Kirk Hinrich, who was so much better in Game 3, taking only four shots (hitting two) and recording five assists and five rebounds to just one turnover.

The Bulls had talked on the days off about creating "more catch-and-shoot situations" for Dunleavy, he explained afterward. "I got a couple of layups early and that got me going. I just had one of those nights. The ball felt good coming off my hand. ... They were screaming for me, passing it to me." And Dunleavy did what shooters do when they're feeling they can't miss: he kept firing away, just as his coaches and teammates screamed for him to do.

And who knows what's possible now that the availability of Nene is uncertain. It's Rod Thorn's call in New York as to whether Nene's grab of Butler's head was closer to a punch, and whether his two-handed grab of Butler's neck warrants a suspension in addition to the fourth-quarter ejection. Certainly, an ejection would have been the only thing coming from the commissioner's office 10, 15 years ago. But there were former players in attendance Friday night who feel that the NBA's decreased tolerance of this kind of physical confrontation is going to lead the league to sit Nene for Game 4. There was also some question immediately after the game as to whether Marcin Gortat left the bench during the skirmish, which by the book would call for a suspension. But a television timeout was called as the scrum developed, which makes it pretty cloudy as to where Gortat (or any others) are allowed to wander and when, once the action has been officially stopped by a timeout. Again, a study of the coach's videotape and interpretation will be the order of the morning in Thorn's office.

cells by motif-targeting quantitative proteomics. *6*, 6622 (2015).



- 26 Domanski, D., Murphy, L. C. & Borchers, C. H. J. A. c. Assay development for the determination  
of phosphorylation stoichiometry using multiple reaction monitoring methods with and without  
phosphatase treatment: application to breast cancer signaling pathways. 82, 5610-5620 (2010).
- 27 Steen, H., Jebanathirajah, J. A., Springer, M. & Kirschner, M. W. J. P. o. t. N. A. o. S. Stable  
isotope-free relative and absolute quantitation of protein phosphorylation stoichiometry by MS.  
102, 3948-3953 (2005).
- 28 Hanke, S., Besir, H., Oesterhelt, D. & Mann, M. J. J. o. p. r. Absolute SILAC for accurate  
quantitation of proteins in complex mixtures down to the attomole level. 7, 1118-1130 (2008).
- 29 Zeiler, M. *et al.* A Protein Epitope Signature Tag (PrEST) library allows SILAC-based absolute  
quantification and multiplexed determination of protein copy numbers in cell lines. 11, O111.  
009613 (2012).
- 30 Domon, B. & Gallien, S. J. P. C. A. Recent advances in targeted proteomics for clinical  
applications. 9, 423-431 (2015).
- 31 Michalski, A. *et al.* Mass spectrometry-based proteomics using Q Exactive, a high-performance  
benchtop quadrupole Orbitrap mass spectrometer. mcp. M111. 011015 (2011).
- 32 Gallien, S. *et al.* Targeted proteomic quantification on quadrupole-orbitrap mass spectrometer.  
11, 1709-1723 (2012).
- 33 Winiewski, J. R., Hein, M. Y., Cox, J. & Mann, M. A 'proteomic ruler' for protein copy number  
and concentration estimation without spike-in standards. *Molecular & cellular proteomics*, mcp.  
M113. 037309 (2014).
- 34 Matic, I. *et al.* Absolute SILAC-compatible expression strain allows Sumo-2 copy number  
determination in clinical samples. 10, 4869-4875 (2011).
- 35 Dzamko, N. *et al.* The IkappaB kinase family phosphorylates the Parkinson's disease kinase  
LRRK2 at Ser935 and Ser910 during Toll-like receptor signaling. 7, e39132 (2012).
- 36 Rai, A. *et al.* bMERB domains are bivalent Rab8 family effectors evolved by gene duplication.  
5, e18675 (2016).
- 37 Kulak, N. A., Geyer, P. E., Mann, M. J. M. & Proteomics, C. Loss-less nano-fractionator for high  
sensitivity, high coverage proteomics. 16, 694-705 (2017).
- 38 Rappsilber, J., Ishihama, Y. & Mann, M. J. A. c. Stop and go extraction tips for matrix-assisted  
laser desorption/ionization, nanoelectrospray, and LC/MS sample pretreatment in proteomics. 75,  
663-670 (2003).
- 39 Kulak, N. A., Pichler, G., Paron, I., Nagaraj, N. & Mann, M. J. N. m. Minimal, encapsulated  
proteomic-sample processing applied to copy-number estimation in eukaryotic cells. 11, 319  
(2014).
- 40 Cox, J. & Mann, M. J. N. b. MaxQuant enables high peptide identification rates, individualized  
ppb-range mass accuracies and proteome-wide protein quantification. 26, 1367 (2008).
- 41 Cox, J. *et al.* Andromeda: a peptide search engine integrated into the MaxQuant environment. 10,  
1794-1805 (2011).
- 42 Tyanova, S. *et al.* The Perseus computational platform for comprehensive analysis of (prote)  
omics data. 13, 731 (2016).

There's nothing the Bulls would like more than to play the Wizards without Nene, and nothing the Wizards would like more than another crack at home at the Bulls now that Wall (23 points, seven assists, four steals, one turnover but two big missed foul shots) and Beal (25 points, five assists, no turnovers) seem to be moving toward playoff mastery.

Where, in the case of the offense-challenged Bulls, will points come from Sunday, and can they find enough of them without Dunleavy having a second fantasy night?

"Mike's been around a long time," coach Tom Thibodeau said, "and had a terrific career. ... Sometimes people forget how good he is, and probably the only thing that was slowing him down were injuries. One year in Indiana he averaged 19 points a game, so he's a good player. And he does whatever you ask him to do to help the team win. You can start him, bring him in off the bench. You can play him big minutes, short minutes."

No matter, Dunleavy has become a focal point of an increasingly combative series that, heading into Sunday's Game 4, has the kind of uncertainty and surprising subplots that even when the games are far from perfect create fascinating athletic theater.